Acts 2:14–36 . . .

“Peter’s Pentecostal Preaching”

We ended last week's study of Acts 2:1–13 by evaluating the question that devout Jews had asked Peter and the other apostles after sensing the spiritual significance of all that they'd heard about Jesus in light of their messianic expectations. So, in v. 12 they wondered: “What does this mean?” Today, we'll see how Peter took his stand, along with the rest of the apostles, and gave them their explanation of Pentecost, its meaning, and its implications. The first thing Peter did was to answer the charge of some that they were drunk. As you'll see in this week's video (linked near the bottom of this page), he denies this charge, not on the basis that none of them ever touched wine, but on the fact that it was too early in the morning. It was, after all, "only nine in the morning!" or the “third hour of the day” (v. 15).

Joel Prophesies about the Outpouring of the Holy Spirit (2:14–21)

Peter didn't hesitate to tell his audience what Pentecost meant. He quickly turned their attention to the prophecy of Joel, specifically to his words recorded in Joel 2:28–32. Pentecost's phenomenon wasn't the result of alcohol “spirits” but of "The Spirit." Prophet Joel foretold of the time when the Spirit of God would be poured out on all mankind. In Old Testament times, that Spirit was poured out on those few people who had specific tasks to perform. In future times, however, the Spirit would be much more widely poured out, not only upon Jews but upon “all people” (v. 17).

Peter was thus claiming that what these Jews had witnessed was the outpouring of the Spirit that Joel had foretold. But there was much more to it. The question wasn't so much the source of this phenomenon, but the meaning of it. Peter advised them, but his account wasn't filled with good news only. In the context of Joel’s prophecy, the outpouring of the Holy Spirit was a sign that was to precede the coming “day of the Lord” (v. 20), which wasn't only the day when the kingdom of God would be established on the earth and God’s promised blessings would be poured out on His people, Israel. It was to begin with judgment.

Joel spoke of this judgment in his prophecy; it's very evident in that portion of Joel that Peter quoted. He spoke much more of "the judgment of God" than of "God's blessings." Israel must first be judged and purged of her sins; then blessings could come. The outpouring of the Spirit was said by Joel to be a warning that the time of judgment was at hand. Fortunately, the last verse cited by Peter was the promise of salvation, to all who called upon the Lord (v. 21). Before Peter told his audience about this salvation, he explained the specifics of the judgment that loomed large before them, from which they could be saved.

God Authenticates Jesus as Both Lord and Christ (vv. 22–36)

In vv. 22–24, Peter lays the charge against the people of Jerusalem, the people who stood before him. In effect, Jesus the Nazarene had presented himself to his people in Jerusalem, even as the prophets had foretold. Jesus had come, not only with the claim to be the Messiah, but it was God himself who testified to Jesus' identity and authority through the signs and wonders he performed through the Holy Spirit. In spite of this, Israel rejected Jesus as its Messiah; not “Israel” in a general sense but those who were listening to Peter had rejected Jesus' claim to be Messiah. They rejected the One whom God accredited. Worse yet, they nailed him to a cross. True, this was all within the sovereign plan and purpose of God, but they put him to death in an evil conspiracy that involved the non-Jews as well. God’s purposes weren't overthrown through all of that, for he supernaturally raised Jesus from the dead as he had planned.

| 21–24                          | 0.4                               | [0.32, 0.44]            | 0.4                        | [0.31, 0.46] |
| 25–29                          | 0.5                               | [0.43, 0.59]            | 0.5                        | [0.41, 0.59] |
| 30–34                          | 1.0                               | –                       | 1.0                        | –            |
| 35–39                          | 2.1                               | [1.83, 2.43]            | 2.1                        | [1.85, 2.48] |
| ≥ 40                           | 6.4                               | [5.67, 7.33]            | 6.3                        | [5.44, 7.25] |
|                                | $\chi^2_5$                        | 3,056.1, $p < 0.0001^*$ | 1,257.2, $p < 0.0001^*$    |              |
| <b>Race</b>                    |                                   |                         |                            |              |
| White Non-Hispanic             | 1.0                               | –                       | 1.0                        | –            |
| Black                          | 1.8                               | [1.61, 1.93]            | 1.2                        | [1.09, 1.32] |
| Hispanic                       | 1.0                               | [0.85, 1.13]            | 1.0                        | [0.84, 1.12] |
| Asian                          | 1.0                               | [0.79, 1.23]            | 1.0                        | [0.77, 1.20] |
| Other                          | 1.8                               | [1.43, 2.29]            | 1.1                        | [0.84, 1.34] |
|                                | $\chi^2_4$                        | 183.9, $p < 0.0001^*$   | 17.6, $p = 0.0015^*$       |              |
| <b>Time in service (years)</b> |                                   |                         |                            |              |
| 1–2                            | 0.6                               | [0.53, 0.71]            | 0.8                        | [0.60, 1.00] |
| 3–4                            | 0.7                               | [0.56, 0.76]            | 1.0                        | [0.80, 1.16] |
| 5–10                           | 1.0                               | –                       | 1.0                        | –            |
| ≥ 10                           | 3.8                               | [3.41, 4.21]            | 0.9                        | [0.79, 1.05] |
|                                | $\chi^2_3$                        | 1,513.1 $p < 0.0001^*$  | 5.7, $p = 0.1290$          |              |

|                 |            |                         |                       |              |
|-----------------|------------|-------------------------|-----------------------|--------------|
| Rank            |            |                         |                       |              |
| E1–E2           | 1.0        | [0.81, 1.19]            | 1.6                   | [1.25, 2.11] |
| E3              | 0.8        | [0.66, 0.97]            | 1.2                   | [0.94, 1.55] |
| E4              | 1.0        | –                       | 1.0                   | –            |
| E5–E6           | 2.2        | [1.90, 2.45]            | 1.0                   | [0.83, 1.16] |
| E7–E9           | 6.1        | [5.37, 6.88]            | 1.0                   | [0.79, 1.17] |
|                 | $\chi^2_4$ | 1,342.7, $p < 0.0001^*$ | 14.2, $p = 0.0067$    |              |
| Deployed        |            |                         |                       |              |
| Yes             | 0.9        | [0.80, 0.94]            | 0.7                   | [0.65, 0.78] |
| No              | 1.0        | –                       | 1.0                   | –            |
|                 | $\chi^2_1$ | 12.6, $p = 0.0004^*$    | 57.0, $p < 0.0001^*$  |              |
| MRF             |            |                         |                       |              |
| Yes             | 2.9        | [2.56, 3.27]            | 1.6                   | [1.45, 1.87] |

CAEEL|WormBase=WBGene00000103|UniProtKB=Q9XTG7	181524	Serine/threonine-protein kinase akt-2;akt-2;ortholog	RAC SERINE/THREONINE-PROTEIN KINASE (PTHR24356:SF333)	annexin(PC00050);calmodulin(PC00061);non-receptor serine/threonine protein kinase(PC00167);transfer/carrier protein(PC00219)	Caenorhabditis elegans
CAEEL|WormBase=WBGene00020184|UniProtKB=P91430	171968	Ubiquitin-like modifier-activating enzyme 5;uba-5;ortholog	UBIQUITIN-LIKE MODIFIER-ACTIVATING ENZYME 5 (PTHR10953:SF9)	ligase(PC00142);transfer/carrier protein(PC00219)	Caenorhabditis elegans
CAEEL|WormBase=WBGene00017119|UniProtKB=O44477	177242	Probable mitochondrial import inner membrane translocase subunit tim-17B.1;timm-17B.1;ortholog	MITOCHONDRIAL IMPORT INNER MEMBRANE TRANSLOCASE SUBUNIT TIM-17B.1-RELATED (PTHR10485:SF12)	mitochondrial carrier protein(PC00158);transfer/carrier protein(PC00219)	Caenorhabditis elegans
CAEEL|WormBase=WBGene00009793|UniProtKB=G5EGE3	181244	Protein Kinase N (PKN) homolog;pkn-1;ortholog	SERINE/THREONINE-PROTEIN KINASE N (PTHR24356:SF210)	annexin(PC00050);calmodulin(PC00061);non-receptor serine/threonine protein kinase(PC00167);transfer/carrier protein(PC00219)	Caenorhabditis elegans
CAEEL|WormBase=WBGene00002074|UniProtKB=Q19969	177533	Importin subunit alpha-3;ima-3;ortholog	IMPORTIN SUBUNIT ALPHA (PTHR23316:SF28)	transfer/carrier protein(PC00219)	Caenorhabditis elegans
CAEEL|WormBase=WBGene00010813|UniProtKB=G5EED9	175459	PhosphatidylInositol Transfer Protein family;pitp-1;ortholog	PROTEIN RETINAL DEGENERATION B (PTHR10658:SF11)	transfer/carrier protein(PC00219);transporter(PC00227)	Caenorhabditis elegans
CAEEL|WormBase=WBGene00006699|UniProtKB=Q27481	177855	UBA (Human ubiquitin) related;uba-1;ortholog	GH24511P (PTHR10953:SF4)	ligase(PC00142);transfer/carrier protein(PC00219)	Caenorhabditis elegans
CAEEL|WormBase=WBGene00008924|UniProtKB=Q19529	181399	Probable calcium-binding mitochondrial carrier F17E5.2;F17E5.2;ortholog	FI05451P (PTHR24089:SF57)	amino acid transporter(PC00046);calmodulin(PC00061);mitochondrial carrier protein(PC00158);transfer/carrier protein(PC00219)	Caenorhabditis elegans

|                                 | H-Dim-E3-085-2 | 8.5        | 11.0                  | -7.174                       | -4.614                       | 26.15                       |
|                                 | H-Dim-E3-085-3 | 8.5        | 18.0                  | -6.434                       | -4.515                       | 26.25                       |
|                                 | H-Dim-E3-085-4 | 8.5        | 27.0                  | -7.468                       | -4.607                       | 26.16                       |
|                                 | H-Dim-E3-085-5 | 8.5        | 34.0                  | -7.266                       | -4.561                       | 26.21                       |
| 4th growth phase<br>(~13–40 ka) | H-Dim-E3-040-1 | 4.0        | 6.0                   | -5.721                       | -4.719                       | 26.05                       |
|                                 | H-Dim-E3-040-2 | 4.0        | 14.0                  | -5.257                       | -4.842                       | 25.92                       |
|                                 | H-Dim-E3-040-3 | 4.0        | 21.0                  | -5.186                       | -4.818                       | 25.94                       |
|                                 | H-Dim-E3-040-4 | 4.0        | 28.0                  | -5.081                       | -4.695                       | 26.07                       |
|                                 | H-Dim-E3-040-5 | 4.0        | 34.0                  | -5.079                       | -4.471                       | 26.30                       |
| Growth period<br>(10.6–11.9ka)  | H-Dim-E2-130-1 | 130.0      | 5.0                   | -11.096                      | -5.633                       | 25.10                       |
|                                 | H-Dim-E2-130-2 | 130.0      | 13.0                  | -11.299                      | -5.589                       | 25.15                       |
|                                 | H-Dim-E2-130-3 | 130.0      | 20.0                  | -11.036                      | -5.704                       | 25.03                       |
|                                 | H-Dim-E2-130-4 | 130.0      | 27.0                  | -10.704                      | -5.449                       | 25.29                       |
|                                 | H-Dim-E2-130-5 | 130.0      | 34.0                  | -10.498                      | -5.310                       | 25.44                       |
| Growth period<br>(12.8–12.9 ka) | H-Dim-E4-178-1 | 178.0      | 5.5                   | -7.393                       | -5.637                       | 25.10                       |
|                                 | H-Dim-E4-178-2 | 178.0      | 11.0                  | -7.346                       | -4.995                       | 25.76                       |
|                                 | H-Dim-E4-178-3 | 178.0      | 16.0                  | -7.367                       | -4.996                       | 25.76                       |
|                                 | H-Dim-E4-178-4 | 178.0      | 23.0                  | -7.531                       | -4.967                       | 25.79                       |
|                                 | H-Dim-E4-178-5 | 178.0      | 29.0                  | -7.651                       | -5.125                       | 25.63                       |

It's difficult to overestimate the importance of Lord Jesus' resurrection. Peter first demonstrated the necessity of Christ’s resurrection, then he spelled out its implications. He told this audience that it was impossible for Jesus not to be raised. As proof, in vv. 25–28, Peter turned to Psalm 16, a psalm of David. In it, David reveled in the inheritance that God had prepared for him and promised to him. What's the basis of David’s confidence in those future blessings?

David’s answer seems to be this: He somehow knew that his Savior would die, but that fact wouldn't shake his faith because he also knew that death couldn't hold him back. Yes, his Savior would die, but he wouldn't remain dead, and his flesh would never deteriorate. Since David’s future rested on his Messiah, he felt that his future was secure, even after his own death, because God had made known to him the “path of life” (Psalm 16:11). One day, David will rise from the dead to enjoy the blessings that God had promised him because his Messiah will have risen from the dead with him.

When David spoke of resurrection in that psalm, Peter pointed out that David wasn't speaking of his own resurrection but of the Son’s resurrection. David’s tomb was still there then and it was occupied with David! However, Jesus the Nazarene's tomb was empty. David was speaking of Jesus in Psalm 16, and the empty tomb was proof of that. The Old Testament taught the necessity of the death of Messiah and of the Messiah's resurrection.

Having been raised from the dead and ascended to the right hand of the Father, the Christ is now acclaimed "Lord." He's been given full power and authority, the right to reign. The delay in the establishment of the kingdom is based only upon when the Messiah's enemies are put down. To sum it up, God has made this Jesus “both LORD and Christ” (v. 36), meaning that Jesus isn't only the Messiah who was rejected and put to death, but he's the LORD who'll return to reign, once his enemies are put down.

And just who might those enemies be? The answer is quite clear in Peter’s message: It was those who'd rejected and crucified the Messiah. God had raised him from the dead, and he'll inevitably subdue all of Messiah’s enemies. God was soon to bring judgment upon this generation. Jesus had spoken of this while Joel foretold it. And Psalm 110 spoke of it as well, as Peter calls out in vv. 34–35.